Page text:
At the Sophiensæle, Saša Asentić, together with Diana Anselmo, Scarlet Yu, and Alexandre Achour, render the score from Le sacre du printemps in the language of movement while simultaneously criticizing the ableist and classist structures that persist in societies.
In 2007, Xavier Le Roy used Igor Strawinsky’s composition Le sacre du printemps – composed in 1913 for the ensemble Ballets Russes by Sergei Djagilew – to explore the movement of a composer reading the score to conduct an orchestra. In his solo performance, Le Roy questions this binary division of roles in an orchestra and plays with the forms of sound and movement. For his variation of Le sacre du Printemps, Saša Asentić borrows this idea and merges it with sign language gestures. He worked with deaf and hearing performers and access experts from the start to accomplish this.
It is already after 7pm and the audience is quieting down. The studio lights are still on. Five people appear on stage in everyday clothing. They walk across the velvety gray marley, which is roughened in spots from earlier movements, and take a seat in the first row. Saša Asentić stands in front of the audience along with sign language interpreter Mathias Schäfer and reminds us that four disabled people were murdered by a caretaker in Potsdam one year ago. The systematic murder of people with disabilities is not a rare occurrence, especially with ableism so widespread. This is followed by an introduction to Igor Strawinsky’s composition Le sacre du printemps and a definition of score and composer in simple language. The choreographies to come will be based on these movements. After Saša Asentić and Mathias Schäfer have left the stage, Oya Ataman reads the same text from a smartphone in spoken English. Thereafter, the studio lights are dimmed for a brief moment.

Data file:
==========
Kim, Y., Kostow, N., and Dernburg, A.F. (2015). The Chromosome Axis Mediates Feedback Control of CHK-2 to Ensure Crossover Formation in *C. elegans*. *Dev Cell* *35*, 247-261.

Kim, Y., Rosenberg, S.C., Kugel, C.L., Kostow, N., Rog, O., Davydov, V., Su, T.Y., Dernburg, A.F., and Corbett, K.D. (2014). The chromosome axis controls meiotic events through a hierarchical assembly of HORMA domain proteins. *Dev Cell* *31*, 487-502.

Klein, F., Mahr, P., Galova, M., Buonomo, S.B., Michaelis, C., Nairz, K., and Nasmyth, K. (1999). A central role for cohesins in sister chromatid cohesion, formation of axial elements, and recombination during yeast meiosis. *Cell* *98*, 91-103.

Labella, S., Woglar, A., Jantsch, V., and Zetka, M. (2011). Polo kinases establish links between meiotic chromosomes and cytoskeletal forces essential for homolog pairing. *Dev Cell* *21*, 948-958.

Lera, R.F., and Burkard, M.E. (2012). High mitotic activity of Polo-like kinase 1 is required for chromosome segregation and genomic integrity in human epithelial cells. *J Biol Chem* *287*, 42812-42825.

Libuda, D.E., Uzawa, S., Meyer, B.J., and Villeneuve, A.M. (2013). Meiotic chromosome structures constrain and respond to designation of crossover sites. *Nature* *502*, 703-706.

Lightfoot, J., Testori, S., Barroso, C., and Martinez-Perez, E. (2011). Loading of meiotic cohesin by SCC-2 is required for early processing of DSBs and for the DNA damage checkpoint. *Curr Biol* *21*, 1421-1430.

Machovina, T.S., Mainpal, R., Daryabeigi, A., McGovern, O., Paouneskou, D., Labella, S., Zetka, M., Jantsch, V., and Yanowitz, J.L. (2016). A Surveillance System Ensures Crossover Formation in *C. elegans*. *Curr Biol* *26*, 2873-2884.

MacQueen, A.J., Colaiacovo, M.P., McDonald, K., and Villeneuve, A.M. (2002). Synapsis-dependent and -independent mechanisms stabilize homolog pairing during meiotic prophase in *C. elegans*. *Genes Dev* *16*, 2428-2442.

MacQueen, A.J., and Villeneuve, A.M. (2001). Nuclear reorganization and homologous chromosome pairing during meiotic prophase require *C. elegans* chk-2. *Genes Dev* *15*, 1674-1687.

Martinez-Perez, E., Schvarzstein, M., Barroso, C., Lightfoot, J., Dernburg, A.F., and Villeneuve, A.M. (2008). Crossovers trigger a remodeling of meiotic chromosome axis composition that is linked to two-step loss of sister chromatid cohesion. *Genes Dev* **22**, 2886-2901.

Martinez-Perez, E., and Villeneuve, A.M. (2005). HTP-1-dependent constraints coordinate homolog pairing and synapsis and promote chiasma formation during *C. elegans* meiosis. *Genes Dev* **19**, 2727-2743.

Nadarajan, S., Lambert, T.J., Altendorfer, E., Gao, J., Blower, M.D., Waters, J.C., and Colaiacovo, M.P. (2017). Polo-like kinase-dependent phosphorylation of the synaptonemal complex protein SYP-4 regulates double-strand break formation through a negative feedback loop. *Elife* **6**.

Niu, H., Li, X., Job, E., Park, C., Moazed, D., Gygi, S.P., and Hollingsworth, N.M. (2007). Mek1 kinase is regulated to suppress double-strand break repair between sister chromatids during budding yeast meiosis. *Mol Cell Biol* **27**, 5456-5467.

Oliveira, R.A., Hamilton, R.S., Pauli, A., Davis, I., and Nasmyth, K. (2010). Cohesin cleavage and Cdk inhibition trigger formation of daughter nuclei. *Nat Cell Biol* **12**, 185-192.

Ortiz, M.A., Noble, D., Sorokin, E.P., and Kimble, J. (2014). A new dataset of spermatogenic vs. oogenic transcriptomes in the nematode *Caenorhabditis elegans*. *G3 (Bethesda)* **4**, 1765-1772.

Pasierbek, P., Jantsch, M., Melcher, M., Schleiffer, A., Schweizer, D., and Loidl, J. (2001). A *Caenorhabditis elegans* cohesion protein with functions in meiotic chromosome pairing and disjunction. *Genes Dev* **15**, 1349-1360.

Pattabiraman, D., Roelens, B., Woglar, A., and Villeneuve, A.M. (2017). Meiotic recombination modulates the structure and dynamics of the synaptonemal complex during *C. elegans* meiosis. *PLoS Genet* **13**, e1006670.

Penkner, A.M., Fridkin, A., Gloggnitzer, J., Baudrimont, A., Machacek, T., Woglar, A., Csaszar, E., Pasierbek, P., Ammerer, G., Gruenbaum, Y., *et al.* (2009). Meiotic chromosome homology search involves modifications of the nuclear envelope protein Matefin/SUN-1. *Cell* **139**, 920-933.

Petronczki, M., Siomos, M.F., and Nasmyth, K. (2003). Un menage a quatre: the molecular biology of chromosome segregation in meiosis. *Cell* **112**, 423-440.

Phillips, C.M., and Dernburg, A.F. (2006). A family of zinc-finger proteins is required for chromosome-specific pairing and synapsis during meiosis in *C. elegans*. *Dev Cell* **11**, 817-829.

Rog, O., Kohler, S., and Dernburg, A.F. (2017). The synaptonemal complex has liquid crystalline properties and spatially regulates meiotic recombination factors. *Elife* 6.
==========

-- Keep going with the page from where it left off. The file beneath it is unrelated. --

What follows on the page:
One after another, Diana Anselmo, Scarlet Yu, and Alexandre Achour present themselves and their biographic backgrounds. The sharing of the performers collective experiences during the rehearsal process provides a glimpse into the difficulties and possibilities that arise when sign structures have to be learned or relearned. For instance, Stravinsky’s score and the gestures of a conductor were at first a “mystery” to Diana Anselmo, who was born deaf, until she constructed her own “alphabet” for the sounds and movements, one that would “make sense to deaf culture as well.” For Scarlet Yu, Xavier Le Roy’s choreography was a source of inspiration since she herself could not read the notes and her social background during her childhood in Hong Kong meant she had not been exposed to the ballet Le sacre du printemps – as well as many other “Western orchestras” – an educated bourgeois “symbol of high art”. Both performers saw the score, or rather their performative interpretations of it, as “maps”. As the child of an an Algerian-Jewish family that had fled their home and “[assimilated] the French culture”, Alexandre Achour was already studying classical music at seven years of age. Nevertheless, it still seemed foreign to him. Since music notes filled him with “fear” he let himself be guided by the music in the selection of his part of the piece. He chose a part that “elicit[ed] in him a desire to move”. The Italian and German sign language statements are printed as transcripts on slips of paper for the audience to take at the entrance. The audio description is also projected on a black wall behind the marley.